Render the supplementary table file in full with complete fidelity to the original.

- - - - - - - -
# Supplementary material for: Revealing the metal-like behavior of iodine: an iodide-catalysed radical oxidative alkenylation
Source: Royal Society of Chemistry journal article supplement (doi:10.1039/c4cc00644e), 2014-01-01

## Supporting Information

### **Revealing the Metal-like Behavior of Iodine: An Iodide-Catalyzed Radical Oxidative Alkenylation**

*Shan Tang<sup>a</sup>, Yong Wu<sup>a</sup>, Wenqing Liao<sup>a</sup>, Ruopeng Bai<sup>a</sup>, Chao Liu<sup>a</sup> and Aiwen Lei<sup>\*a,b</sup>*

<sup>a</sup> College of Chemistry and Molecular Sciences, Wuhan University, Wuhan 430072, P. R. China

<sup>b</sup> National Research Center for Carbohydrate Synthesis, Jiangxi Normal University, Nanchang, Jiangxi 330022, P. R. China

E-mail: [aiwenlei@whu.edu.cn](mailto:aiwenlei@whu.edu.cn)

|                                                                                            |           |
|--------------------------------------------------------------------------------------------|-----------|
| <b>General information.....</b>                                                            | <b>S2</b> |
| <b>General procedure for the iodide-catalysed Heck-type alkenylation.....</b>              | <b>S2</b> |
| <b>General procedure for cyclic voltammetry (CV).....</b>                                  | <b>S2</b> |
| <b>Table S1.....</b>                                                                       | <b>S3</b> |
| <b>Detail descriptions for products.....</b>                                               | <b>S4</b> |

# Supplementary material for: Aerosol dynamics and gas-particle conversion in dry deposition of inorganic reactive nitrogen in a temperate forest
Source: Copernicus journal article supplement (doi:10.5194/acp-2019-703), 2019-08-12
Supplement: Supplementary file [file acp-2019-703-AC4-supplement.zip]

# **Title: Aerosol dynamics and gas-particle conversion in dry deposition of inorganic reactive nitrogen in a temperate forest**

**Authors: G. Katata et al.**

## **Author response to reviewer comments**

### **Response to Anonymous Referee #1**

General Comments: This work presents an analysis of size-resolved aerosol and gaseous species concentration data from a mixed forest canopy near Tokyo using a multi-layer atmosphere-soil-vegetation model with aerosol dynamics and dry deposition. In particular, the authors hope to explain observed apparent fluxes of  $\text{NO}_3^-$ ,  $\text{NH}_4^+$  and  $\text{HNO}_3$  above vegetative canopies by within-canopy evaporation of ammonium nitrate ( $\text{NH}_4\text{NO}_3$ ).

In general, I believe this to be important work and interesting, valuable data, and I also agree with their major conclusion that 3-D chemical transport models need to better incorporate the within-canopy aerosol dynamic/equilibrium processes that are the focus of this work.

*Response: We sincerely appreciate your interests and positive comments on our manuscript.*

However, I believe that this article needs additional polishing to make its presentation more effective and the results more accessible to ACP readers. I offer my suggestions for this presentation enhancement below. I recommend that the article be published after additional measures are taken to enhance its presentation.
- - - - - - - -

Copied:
# Supplementary material for: Revealing the metal-like behavior of iodine: an iodide-catalysed radical oxidative alkenylation
Source: Royal Society of Chemistry journal article supplement (doi:10.1039/c4cc00644e), 2014-01-01

## Supporting Information

### **Revealing the Metal-like Behavior of Iodine: An Iodide-Catalyzed Radical Oxidative Alkenylation**

*Shan Tang<sup>a</sup>, Yong Wu<sup>a</sup>, Wenqing Liao<sup>a</sup>, Ruopeng Bai<sup>a</sup>, Chao Liu<sup>a</sup> and Aiwen Lei<sup>\*a,b</sup>*

<sup>a</sup> College of Chemistry and Molecular Sciences, Wuhan University, Wuhan 430072, P. R. China

<sup>b</sup> National Research Center for Carbohydrate Synthesis, Jiangxi Normal University, Nanchang, Jiangxi 330022, P. R. China

E-mail: [aiwenlei@whu.edu.cn](mailto:aiwenlei@whu.edu.cn)

|                                                                                            |           |
|--------------------------------------------------------------------------------------------|-----------|
| <b>General information.....</b>                                                            | <b>S2</b> |
| <b>General procedure for the iodide-catalysed Heck-type alkenylation.....</b>              | <b>S2</b> |
| <b>General procedure for cyclic voltammetry (CV).....</b>                                  | <b>S2</b> |
| <b>Table S1.....</b>                                                                       | <b>S3</b> |
| <b>Detail descriptions for products.....</b>                                               | <b>S4</b> |

# Supplementary material for: Aerosol dynamics and gas-particle conversion in dry deposition of inorganic reactive nitrogen in a temperate forest
Source: Copernicus journal article supplement (doi:10.5194/acp-2019-703), 2019-08-12
Supplement: Supplementary file [file acp-2019-703-AC4-supplement.zip]

# **Title: Aerosol dynamics and gas-particle conversion in dry deposition of inorganic reactive nitrogen in a temperate forest**

**Authors: G. Katata et al.**

## **Author response to reviewer comments**

### **Response to Anonymous Referee #1**

General Comments: This work presents an analysis of size-resolved aerosol and gaseous species concentration data from a mixed forest canopy near Tokyo using a multi-layer atmosphere-soil-vegetation model with aerosol dynamics and dry deposition. In particular, the authors hope to explain observed apparent fluxes of  $\text{NO}_3^-$ ,  $\text{NH}_4^+$  and  $\text{HNO}_3$  above vegetative canopies by within-canopy evaporation of ammonium nitrate ( $\text{NH}_4\text{NO}_3$ ).

In general, I believe this to be important work and interesting, valuable data, and I also agree with their major conclusion that 3-D chemical transport models need to better incorporate the within-canopy aerosol dynamic/equilibrium processes that are the focus of this work.

*Response: We sincerely appreciate your interests and positive comments on our manuscript.*

However, I believe that this article needs additional polishing to make its presentation more effective and the results more accessible to ACP readers. I offer my suggestions for this presentation enhancement below. I recommend that the article be published after additional measures are taken to enhance its presentation.